Thursday, November 15, 2007

Justice (15) - Justice takes Time

Justice is usually slow. Investigating the issues to determine if one of God’s laws has been broken must be done carefully. Even if it is known who has perpetrated the injustice, they may not be easy to find. Bringing the unjust person to justice takes time, whereas the needs of the victim are immediate. The Christian approach is to show mercy immediately, and sort out the justice afterwards.

A good example is found in the story of the Good Samaritan. The injured man was a victim of evil actions. The thieves had stolen everything he had in his possession. They had assaulted him and possible had attempted to murder him. Justice would require the thieves to pay back what was stolen and compensate him for his injuries.

The Good Samaritan did not attempt to get justice by going to the nearest Roman military post and persuading them to catch the thieves and return the stolen money. Even if this were successful, the injured man would most likely be dead, before justice was done. Justice always takes time, and real needs usually usually do not have time.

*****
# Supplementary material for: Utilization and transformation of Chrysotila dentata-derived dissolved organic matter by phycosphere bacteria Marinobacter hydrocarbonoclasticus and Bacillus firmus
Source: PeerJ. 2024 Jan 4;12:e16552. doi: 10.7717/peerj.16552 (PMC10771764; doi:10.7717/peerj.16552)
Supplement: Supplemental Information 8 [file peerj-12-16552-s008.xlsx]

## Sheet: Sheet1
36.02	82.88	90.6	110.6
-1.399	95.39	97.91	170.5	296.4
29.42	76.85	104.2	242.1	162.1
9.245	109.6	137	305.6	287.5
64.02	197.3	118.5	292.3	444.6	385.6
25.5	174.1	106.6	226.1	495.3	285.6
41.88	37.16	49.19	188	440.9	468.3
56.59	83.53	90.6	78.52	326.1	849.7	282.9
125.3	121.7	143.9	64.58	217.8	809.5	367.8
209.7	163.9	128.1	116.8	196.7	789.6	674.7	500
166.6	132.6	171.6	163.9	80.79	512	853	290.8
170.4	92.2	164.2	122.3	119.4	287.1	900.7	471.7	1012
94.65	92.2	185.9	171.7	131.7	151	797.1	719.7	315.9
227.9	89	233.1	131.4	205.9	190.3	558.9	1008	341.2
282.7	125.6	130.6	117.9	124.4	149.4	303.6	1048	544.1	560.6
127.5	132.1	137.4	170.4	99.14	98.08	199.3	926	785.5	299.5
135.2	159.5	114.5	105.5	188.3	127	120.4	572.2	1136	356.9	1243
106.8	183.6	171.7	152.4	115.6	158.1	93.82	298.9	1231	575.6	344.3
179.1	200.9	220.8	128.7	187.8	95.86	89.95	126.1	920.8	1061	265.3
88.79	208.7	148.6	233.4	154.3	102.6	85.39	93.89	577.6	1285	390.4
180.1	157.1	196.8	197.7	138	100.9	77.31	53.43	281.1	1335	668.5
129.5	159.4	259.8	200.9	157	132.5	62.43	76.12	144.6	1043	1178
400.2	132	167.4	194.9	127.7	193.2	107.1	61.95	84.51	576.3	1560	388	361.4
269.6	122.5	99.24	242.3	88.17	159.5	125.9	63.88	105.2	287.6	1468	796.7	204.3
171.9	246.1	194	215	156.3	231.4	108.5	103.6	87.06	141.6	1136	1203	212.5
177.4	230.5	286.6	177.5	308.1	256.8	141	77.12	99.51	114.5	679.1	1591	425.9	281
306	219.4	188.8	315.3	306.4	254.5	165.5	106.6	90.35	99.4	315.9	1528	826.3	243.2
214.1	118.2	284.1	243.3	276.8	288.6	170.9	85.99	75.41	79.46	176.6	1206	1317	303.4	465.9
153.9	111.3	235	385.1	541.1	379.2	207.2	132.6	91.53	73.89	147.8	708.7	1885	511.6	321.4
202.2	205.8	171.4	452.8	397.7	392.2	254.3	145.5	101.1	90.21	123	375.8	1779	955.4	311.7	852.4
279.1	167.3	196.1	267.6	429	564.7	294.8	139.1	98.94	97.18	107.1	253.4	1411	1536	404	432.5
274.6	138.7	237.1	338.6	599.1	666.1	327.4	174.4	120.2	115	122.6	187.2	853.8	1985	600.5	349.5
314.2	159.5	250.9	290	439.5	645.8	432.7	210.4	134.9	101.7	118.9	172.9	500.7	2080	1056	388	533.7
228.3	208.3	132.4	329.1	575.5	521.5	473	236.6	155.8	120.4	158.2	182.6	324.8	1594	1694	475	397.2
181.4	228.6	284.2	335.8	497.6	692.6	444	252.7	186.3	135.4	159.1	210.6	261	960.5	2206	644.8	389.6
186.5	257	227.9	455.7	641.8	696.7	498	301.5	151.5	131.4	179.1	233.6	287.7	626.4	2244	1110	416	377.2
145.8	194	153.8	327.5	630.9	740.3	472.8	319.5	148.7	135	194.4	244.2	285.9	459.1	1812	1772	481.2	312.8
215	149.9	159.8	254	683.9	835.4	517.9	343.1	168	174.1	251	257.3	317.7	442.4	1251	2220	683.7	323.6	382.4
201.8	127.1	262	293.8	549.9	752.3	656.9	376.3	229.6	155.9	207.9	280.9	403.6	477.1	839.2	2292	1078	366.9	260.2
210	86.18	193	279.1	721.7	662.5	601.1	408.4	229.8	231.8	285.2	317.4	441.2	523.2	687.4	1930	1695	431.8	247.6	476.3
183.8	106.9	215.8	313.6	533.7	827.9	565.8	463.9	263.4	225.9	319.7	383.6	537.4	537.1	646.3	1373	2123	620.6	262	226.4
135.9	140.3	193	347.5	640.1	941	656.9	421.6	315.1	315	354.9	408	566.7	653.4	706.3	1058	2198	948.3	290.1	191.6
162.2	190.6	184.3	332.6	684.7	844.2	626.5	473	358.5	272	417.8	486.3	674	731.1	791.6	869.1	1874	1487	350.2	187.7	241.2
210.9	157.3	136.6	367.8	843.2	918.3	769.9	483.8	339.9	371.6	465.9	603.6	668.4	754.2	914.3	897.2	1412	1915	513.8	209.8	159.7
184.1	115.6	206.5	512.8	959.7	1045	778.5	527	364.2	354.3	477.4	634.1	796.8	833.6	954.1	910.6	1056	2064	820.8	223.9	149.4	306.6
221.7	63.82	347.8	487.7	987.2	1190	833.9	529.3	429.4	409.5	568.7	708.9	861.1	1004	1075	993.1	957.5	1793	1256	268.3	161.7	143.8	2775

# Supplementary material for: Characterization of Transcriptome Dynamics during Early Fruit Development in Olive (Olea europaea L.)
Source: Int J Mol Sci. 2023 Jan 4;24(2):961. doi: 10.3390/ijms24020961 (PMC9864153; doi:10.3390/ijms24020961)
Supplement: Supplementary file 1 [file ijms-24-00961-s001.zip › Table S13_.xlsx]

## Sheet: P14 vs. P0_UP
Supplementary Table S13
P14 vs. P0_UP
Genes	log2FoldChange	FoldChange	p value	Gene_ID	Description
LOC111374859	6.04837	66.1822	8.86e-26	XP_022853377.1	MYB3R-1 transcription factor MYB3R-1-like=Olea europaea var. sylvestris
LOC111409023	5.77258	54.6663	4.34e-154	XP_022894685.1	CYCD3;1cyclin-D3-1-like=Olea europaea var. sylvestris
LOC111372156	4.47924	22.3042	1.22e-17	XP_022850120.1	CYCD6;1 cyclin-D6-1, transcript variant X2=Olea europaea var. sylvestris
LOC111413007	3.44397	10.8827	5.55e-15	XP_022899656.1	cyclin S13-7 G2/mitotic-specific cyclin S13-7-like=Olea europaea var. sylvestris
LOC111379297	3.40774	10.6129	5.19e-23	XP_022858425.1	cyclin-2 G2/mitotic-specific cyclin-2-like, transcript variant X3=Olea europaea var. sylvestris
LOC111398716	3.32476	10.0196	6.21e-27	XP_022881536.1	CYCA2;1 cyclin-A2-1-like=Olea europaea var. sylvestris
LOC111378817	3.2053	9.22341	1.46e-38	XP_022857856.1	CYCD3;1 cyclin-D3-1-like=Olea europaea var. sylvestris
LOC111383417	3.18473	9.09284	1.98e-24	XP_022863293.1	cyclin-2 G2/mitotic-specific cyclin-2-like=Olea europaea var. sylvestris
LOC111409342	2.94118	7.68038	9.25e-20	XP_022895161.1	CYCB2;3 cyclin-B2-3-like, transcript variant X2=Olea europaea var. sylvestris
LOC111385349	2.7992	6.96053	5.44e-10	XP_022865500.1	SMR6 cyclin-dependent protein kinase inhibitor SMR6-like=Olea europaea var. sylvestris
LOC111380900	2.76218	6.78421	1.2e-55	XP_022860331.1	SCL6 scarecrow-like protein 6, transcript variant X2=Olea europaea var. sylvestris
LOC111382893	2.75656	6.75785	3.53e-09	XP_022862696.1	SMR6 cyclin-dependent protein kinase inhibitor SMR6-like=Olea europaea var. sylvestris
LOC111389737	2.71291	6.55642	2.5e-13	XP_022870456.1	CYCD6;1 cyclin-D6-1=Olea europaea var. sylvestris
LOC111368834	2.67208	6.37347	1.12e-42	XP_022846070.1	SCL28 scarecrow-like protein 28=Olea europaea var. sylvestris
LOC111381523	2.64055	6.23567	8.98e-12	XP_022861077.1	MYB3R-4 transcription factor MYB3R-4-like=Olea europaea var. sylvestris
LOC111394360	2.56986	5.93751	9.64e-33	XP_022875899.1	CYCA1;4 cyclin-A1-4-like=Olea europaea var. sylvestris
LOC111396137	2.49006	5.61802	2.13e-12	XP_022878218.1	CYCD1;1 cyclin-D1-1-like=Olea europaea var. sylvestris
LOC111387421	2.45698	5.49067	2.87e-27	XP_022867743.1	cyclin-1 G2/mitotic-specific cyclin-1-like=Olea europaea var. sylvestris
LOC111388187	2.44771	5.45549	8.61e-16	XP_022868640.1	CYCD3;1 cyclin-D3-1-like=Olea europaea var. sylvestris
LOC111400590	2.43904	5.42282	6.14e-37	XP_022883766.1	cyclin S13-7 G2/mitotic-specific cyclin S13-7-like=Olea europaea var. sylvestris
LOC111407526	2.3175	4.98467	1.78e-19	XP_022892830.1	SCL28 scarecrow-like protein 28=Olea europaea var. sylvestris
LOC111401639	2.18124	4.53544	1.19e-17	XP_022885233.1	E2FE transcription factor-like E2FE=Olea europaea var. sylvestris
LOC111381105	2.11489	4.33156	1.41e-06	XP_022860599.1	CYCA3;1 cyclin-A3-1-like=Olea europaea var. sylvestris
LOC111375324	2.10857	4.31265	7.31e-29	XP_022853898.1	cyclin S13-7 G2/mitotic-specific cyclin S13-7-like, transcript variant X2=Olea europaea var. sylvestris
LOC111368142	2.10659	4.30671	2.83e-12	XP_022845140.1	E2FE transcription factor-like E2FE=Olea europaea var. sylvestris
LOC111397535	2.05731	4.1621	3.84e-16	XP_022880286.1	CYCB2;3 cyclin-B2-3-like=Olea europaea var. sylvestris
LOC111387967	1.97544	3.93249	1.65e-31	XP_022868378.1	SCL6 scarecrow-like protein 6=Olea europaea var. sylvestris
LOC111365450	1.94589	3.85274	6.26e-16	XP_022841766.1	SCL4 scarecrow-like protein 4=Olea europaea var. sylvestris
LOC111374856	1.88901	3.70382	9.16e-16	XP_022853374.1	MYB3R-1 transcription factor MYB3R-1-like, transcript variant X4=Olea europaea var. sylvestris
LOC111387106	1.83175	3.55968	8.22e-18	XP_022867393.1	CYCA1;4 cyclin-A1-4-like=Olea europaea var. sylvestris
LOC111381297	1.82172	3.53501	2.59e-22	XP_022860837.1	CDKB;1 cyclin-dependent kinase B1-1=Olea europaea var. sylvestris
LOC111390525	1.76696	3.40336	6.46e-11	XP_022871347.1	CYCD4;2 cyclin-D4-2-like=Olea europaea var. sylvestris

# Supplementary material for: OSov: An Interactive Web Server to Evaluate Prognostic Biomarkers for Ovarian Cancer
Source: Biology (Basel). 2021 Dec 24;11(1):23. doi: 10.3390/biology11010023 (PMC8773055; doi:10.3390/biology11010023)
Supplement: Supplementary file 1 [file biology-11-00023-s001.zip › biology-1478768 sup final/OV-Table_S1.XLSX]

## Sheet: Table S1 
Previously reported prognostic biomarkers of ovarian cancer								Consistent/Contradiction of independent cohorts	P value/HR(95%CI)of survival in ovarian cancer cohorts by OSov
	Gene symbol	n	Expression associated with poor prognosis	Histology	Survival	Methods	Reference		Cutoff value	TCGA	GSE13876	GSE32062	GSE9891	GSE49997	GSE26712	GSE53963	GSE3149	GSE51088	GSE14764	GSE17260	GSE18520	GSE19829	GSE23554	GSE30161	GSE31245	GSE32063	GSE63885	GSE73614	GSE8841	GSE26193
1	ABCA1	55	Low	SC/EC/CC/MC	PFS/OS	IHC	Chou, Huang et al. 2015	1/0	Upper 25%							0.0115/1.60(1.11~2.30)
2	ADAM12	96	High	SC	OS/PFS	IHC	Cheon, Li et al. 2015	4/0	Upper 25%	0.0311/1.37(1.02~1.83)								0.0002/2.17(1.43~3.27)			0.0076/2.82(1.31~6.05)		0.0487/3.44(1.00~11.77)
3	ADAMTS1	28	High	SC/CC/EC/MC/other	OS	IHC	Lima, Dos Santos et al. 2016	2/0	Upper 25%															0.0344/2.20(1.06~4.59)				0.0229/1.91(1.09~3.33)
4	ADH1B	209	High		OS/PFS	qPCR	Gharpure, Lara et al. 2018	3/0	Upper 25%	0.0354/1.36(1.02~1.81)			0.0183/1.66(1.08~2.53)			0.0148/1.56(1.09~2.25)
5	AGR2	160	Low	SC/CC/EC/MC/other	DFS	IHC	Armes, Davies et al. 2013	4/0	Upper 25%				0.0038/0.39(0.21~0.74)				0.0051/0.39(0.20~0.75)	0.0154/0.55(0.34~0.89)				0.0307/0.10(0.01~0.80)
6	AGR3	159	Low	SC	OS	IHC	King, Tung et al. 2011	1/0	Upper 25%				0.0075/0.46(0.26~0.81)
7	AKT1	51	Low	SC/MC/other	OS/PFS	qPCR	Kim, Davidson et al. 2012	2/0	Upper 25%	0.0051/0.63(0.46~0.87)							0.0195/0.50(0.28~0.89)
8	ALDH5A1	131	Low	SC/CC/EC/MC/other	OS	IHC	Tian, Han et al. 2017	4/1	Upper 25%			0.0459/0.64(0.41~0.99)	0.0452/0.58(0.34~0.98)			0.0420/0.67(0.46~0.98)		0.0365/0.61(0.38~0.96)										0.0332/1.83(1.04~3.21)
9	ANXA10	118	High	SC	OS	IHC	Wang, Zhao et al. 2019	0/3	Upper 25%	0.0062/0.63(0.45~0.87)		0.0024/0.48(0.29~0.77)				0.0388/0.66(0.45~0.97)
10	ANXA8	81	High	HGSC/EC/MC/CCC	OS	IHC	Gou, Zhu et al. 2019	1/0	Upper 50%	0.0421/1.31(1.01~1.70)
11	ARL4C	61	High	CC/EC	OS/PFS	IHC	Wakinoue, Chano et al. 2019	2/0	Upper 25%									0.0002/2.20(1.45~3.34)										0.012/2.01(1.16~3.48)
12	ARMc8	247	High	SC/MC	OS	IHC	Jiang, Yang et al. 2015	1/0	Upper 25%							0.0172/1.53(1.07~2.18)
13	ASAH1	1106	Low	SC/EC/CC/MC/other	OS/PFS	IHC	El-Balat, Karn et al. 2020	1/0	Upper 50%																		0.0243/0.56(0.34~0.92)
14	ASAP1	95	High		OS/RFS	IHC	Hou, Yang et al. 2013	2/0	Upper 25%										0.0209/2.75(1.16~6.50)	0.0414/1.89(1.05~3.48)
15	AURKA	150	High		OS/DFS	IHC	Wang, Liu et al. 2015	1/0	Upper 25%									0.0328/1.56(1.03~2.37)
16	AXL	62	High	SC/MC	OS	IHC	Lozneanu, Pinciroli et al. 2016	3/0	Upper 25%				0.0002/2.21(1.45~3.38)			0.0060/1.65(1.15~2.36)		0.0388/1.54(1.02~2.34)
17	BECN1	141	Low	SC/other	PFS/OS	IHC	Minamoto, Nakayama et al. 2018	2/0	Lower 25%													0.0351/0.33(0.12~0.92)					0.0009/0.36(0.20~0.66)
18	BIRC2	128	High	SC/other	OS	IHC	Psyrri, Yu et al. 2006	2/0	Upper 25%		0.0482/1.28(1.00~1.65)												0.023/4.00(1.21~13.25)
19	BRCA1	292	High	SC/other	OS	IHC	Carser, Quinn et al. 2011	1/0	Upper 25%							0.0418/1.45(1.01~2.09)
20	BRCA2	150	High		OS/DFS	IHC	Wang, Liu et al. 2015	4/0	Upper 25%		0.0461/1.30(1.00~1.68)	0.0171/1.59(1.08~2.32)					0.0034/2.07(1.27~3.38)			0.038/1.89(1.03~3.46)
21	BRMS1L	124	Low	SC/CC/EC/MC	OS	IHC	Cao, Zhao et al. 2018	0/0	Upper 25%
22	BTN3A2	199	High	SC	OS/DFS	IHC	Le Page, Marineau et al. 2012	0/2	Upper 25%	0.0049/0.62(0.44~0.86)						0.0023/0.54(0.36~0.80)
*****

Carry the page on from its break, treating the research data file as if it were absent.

Mercy takes immediate action. The Good Samaritan bound up the injured mans wounds and took him to an Inn and paid for his care. Justice needs time, but mercy takes action.

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